I have already explained that, but I know my hon. friend was busy elsewhere. It is proposed to pay to the members of the pension appeal court, which will be defunct after July 1, eighteen months' salary by way of compensation.
Are all the members of the appeal court in the same position? I understand some of them have only a year and a half of their terms still to run, while others have a far longer time. It may be that the payment of eighteen months' salary to those whose terms expire in a year and a half is quite proper, but it does seem that some better provision should be made for those whose terms have several years to run. After all, these men have given up their other occupations to come here, and are now faced with the necessity of starting over again, so I think some consideration should be given to the length of time their terms have to run.
I did not say that. The minister is going too far in making a statement of that kind. I thought the court should be done away with, but I made no personal attack of any kind on the members of the court.
I did not hear a good word for this court spoken by anyone in this house. The reason why I would not abolish it last year, and I so declared, was that I wanted to find some way of providing compensation for these men before turning them out on the street. Hardly a member of this house who spoke on the matter did not have something to say about me because I would not immediately, without regard to the consequences, abolish this court. They did not care what I did in the way of giving these people justice.
With respect to the one man to whom my hon. friend refers, there are two ways of looking at this question. Are we to give higher compensation to the man who served the longer time or to the man who has a longer time to serve? Frankly I do not know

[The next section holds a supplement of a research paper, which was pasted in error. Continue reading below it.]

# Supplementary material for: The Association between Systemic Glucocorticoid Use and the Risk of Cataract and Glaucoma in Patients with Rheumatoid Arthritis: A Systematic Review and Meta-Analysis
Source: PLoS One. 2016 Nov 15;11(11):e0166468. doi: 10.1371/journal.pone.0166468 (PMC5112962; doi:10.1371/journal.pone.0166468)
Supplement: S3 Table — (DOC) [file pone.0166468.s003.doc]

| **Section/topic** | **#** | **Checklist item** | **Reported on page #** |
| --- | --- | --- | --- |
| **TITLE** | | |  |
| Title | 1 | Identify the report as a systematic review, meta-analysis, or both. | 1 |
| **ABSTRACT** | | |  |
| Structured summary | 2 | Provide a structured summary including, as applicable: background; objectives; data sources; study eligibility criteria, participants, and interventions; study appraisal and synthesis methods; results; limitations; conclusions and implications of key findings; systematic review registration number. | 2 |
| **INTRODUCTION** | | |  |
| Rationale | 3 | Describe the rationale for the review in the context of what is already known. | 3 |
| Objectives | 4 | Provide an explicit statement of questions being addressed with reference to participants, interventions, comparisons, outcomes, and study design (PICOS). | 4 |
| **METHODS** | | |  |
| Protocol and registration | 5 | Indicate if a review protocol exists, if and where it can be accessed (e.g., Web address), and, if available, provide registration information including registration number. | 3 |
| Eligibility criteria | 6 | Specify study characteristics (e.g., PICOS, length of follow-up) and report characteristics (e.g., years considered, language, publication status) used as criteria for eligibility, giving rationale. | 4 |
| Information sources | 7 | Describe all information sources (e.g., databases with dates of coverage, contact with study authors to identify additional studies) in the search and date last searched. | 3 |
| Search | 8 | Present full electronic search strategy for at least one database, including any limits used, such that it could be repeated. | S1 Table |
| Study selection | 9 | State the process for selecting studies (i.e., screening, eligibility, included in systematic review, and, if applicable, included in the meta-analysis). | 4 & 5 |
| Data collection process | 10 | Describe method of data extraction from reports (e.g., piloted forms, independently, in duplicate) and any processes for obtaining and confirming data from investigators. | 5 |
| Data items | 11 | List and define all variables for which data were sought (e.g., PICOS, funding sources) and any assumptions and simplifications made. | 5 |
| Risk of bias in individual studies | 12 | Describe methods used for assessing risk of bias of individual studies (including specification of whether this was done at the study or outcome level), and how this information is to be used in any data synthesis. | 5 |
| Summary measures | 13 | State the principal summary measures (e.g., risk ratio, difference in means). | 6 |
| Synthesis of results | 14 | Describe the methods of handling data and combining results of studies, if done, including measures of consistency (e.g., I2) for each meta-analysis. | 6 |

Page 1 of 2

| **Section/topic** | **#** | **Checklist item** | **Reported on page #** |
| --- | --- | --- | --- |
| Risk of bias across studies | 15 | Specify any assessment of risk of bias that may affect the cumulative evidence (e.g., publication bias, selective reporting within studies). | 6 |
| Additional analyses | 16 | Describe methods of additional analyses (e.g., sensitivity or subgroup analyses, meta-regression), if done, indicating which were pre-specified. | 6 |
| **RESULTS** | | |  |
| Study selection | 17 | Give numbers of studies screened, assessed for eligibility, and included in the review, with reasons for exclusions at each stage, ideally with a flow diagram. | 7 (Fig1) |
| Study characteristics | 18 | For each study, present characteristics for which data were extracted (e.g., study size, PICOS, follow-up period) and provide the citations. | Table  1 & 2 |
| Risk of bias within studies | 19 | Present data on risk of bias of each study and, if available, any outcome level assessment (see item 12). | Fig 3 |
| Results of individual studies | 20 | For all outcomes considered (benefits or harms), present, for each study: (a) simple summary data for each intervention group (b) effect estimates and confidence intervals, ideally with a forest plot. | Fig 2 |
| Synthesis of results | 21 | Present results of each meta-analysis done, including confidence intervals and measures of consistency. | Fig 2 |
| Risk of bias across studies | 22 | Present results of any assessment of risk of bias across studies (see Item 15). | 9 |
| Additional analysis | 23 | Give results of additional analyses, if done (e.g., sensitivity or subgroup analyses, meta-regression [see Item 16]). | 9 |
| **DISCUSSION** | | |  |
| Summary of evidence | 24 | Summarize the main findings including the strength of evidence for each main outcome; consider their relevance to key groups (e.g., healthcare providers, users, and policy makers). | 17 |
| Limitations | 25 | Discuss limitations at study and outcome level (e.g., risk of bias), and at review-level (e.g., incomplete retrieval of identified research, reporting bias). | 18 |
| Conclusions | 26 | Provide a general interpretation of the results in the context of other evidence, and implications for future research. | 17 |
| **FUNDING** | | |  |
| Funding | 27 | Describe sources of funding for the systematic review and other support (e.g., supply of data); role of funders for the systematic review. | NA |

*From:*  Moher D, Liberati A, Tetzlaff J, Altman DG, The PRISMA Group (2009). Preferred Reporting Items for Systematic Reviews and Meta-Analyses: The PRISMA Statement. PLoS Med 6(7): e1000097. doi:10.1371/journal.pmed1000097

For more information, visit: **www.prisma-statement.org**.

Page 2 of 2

whether the man who has served five years and who receives eighteen months' salary by way of compensation is any more entitled to that than the man who has served eight and a half years and who gets the same compensation. Usually we consider that the longer the term of service the greater should be the reward, and it would appear to me that in this, as in every other normal case, salary for a year and a half, amounting to approximately $10,000, is a fairly reasonable amount to pay to those who are being retired. I do not think I could be reasonably asked, or the country could be asked, to pay any more.
Personally I certainly have not recanted the position I have taken in the committee for the last three years. With regard to how much they should be given, if it were possible to make it fifty cents, still it would be an over-payment.
I wish to dissociate myself entirely from remarks such as those just made by the last speaker, which I do not think are fair in any sense of the word. I believe the minister is looking at the matter from the wrong point of view. These men were appointed for a certain term of years; they came here on the understanding that they would be retained in employment for a certain length of time. I think that should be borne in mind when compensation is being granted. The same thing would apply if a firm hired a man for a set period of time. He would have a claim against the company if he were dismissed before that time expired. I suggest to the minister that the matter should be looked at from that point of view.
What difference does it make if a year and a half salary is reasonable? Does it make any difference when the term expires? Does my hon. friend want me to pay to the man whom he has in mind, to the friend whom he has in mind, five years' salary which would amount to $35,000?
There are four men. One man, Mr. Sherwood, is being paid his salary up to the end of his term. Another man, Mr. Justice Hyndman, is being paid his salary up to the end of his term. The third man is a civil servant; he is receiving a year and a half salary and will obtain superannuation. The fourth man, whom my hon. friend has in mind, has four to five years more to run.